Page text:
Also a big well done to all the Irish who did manage to cash, especially Nick Abou Risk (in his second deep run) and Declan Connolly. The biggest compliment I can pay Declan is that literally everyone I know predicted Declan would go deep immediately upon hearing he had bagged up over 100k.


The rest of the trip was spent chilling out. Or at least I didn't play another hand of poker. One thing I picked up from my running coach was the preparation for your next race starts the second after you cross the finishing line of your last race. The faster you can recover and get back to productive training, the better. That's an approach I've tried to bring into poker. This year, once I knew I was coming to Vegas, I prepared as best as I could, not just at the table but away from it. I went back into serious running training to ensure I got to Vegas in the best possible physical shape. I did some work with hypnotherapy and meditation to try and peak mentally. I ate healthily before and as healthily as I could in Vegas. I didn't abstain from alcohol entirely but did stick to a 2 drink maximum policy.

I also worked on my game a lot, particularly my defence. Like most games poker is a mixture of attack and defence (or offence and defence as the Americans call it). When you are playing against players who are not as good as you, you basically need the best possible offence to exploit their leaks. When you run into players as good or better then you, you need a good defence to avoid being exploited yourself. My offence has always been pretty good (my online success down the years is largely based on picking apart the game of weaker players with the help of a HUD) but in the last couple of years I've made it a priority to shore up my defence. I have no doubt that in previous years the really elite players found me pretty easy to exploit. By putting a lot of thought and effort into studying game theory as it applies to tournament poker I believe I've shored up my defence to the point that even the very best players don't have a major edge over me any more. The great thing about playing game theoretically optimally is if you can manage it then nobody can exploit you no matter how good they are. You may even get to exploit them if they don't realise in time what you are doing and stick to exploitative strategies that are themselves exploitable.  The not so great thing about it is that if you stick to it too rigidly, then you're basically playing break even poker against other players doing the same, and while you will be profitable against weaker players, you won't be as profitable as someone who understands how to attack specific weaknesses. Like all games that combine attack and defence, it's crucial in poker to understand when is the time to attack, when the time to defend, and when you should combine a bit of both. While my defence (GTO understanding) was stronger than ever in Vegas this year, there were definitely times when I concentrated on defending when I should have been attacking (most notably at the start of the Seniors). I think I managed to at least partially correct this in running in the Seniors, and by the time I got to event 45 I was more intent on the best way to exploit my opponents tendencies than simply having a protect all defence to prevent my own exploitation.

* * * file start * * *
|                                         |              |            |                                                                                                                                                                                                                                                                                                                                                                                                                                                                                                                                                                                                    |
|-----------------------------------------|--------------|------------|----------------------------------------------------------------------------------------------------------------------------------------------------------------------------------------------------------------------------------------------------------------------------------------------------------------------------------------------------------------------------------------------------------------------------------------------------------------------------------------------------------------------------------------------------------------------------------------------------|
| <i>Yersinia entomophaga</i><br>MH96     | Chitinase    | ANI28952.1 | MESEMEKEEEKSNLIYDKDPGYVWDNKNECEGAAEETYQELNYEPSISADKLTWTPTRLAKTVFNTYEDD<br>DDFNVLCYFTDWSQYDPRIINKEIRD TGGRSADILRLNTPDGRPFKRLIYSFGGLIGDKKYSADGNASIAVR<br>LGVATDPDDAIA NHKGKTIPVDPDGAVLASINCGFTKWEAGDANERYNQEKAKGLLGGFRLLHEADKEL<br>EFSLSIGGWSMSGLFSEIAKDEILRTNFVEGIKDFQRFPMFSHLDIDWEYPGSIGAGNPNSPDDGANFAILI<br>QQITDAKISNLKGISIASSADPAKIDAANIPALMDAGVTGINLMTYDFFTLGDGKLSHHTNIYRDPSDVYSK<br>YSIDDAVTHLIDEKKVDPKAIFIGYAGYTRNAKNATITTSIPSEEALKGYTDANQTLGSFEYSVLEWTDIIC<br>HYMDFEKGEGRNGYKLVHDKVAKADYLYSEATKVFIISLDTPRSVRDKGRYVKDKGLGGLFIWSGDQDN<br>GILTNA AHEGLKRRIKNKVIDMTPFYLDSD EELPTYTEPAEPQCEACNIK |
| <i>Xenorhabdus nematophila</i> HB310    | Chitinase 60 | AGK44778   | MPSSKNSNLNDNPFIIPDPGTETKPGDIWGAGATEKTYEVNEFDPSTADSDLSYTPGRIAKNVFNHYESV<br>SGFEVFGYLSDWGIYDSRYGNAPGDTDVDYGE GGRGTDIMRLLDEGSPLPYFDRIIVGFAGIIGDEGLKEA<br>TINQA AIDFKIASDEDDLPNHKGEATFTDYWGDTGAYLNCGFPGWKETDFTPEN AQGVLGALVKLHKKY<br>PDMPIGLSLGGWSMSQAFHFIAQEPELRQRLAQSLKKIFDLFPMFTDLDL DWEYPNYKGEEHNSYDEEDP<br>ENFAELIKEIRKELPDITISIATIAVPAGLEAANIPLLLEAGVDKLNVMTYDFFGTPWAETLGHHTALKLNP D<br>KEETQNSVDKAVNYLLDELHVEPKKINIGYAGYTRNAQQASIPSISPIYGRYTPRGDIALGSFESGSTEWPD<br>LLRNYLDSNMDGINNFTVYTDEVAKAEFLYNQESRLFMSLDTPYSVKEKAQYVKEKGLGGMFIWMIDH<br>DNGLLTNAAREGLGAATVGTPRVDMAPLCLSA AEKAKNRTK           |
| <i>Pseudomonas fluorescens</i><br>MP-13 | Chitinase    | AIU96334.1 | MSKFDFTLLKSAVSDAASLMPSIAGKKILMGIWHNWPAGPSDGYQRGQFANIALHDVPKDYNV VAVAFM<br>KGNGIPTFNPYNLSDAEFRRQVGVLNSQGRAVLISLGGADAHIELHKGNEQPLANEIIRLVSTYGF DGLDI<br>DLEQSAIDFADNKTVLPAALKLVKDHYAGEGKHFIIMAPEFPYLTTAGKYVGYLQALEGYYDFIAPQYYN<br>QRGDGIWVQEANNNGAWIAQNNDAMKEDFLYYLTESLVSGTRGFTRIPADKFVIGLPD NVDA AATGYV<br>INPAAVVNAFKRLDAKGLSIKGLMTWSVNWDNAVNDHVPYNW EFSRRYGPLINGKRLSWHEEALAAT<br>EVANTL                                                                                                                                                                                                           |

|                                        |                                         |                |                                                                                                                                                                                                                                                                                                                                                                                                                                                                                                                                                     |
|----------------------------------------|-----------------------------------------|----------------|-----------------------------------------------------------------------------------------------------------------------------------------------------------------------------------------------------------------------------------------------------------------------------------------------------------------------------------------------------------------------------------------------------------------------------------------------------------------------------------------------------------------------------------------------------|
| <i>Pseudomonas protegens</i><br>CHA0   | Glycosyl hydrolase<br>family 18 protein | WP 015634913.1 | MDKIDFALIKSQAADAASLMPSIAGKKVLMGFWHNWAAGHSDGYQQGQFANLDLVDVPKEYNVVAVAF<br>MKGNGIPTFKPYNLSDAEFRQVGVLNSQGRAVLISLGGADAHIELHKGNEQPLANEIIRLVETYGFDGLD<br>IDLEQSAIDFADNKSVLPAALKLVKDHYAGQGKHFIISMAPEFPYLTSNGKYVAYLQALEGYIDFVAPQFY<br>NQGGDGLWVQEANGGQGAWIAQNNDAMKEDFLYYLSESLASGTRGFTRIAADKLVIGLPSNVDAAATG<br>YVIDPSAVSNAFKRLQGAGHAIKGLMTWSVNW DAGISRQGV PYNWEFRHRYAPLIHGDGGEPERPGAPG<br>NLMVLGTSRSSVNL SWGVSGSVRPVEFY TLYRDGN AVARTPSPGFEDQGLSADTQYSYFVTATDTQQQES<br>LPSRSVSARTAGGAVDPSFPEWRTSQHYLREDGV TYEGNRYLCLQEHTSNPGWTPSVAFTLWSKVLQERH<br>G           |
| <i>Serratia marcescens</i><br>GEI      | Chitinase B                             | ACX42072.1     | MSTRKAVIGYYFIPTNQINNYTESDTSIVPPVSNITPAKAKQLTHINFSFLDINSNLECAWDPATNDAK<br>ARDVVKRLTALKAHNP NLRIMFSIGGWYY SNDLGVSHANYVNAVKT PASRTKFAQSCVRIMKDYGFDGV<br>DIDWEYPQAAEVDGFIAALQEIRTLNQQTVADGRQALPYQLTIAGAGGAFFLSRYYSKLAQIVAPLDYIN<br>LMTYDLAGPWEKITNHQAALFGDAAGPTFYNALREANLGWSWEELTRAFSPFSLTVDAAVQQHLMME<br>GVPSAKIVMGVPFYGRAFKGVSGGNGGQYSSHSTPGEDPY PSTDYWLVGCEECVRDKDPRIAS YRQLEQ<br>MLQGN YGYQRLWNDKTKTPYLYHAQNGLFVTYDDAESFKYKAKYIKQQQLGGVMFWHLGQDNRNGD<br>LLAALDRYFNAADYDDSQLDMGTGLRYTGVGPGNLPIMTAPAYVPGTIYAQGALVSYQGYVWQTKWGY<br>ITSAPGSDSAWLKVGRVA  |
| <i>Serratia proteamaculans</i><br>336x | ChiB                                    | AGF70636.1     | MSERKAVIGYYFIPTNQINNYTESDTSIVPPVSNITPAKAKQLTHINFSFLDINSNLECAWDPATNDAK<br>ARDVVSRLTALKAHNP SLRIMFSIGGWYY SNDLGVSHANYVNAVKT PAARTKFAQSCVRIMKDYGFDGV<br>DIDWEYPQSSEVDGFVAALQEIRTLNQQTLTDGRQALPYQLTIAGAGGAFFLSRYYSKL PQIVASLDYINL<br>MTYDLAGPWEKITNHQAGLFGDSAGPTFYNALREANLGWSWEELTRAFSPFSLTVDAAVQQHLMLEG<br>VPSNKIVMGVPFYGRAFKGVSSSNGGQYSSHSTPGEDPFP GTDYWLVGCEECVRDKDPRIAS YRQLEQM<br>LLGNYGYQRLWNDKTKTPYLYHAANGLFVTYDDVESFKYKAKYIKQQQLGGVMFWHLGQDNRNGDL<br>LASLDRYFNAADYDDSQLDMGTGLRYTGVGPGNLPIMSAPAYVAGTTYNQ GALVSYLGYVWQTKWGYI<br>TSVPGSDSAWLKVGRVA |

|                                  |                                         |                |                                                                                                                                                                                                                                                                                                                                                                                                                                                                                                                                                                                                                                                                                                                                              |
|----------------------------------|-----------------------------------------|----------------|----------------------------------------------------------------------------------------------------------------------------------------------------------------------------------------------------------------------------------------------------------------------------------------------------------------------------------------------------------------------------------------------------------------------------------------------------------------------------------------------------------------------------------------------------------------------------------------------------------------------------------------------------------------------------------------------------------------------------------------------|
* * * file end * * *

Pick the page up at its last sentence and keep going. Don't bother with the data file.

I made four divergences from GTO on the final table, and knew I was diverging at the time, but went with what I was convinced were better exploitative lines. Having sat down since to analyse all four spots in detail, the math is telling me I was correct in all four spots if (and admittedly this is a very big if) my assumptions of opponent ranges were correct. It heartens me that I got them right in game when I obviously couldn't work out the math in detail on the spot, and going forward I hope I'll be able to make those judgement calls routinely.

Getting back into shape

The next day after my exit from the main, I went for three runs. The process of physically recovering from Vegas and getting into top shape for next year was begun. I got back to work analysing the tricky spots I'd encountered, I read some theory, and I watched some videos. Event 45 might end up being the closest I ever get to winning a bracelet, but I don't want it to be for lack of trying or working.

I left Vegas feeling fresher and happier then ever before (hardly surprising given I had not only booked my first ever winning trip but washed away the losses incurred in all previous trips with punitive interest) but also more enthusiastic and determined to prepare for next year than ever before. It wasn't just the outcome: this time I enjoyed the process, the minutae and overall,experiences of the trips. I got to meet lots of great Americans like Carlos, Cal, Pesh, Nate, Mark and David Singer. I got to hang with lots of great friends like Jason, Joy, Fergal, Albert, Shiner, Ulduffer, Seamus, Jesse, Dermot, Neil, Andy, Nicoline, Ian Simpson, Kevin Williams, Mike Hill, Michael O'Dwyer, Yifei, Chi, Timmy and Smidge. I had a blast on the livestream with David Tuchman, Tatiana, Mike Leah and Ash. I was genuinely heartened by the support that flooded in through the social media from home, perhaps best summed up by this tweet.

It wasn't just all good, it was all bloody great. But I'm a greedy old bastard so I won't stop hoping next year could be even better.

Related reading/listening:

- Country ghetto superstar Carlos Welch
- Episode 130 of Thinking Poker podcast recorded while my FT was happening in real time
- TournamentPokerEdge podcast interview with Carlos
- My Thinking Poker podcast appearance


Ps best blog (poker or otherwise) on the net. Closely followed by dan Goldman

Great blog as always, well done in Vagas ! aKA Lochaline.

GTO stands for Game Theory Optimal, Eddie.

Thanks guys. Yes, GTO is Game Theory Optimal, should have spelled that out in the blog, sorry